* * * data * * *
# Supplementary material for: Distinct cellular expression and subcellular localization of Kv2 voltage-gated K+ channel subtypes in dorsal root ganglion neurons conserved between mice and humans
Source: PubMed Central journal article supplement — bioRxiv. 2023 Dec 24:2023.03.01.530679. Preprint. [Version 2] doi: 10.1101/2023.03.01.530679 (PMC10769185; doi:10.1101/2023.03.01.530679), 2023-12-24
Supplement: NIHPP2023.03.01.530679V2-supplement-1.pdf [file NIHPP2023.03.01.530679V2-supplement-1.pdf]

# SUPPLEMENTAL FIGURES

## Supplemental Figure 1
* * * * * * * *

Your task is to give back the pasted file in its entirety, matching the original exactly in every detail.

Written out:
# Supplementary material for: Distinct cellular expression and subcellular localization of Kv2 voltage-gated K+ channel subtypes in dorsal root ganglion neurons conserved between mice and humans
Source: PubMed Central journal article supplement — bioRxiv. 2023 Dec 24:2023.03.01.530679. Preprint. [Version 2] doi: 10.1101/2023.03.01.530679 (PMC10769185; doi:10.1101/2023.03.01.530679), 2023-12-24
Supplement: NIHPP2023.03.01.530679V2-supplement-1.pdf [file NIHPP2023.03.01.530679V2-supplement-1.pdf]

# SUPPLEMENTAL FIGURES

## Supplemental Figure 1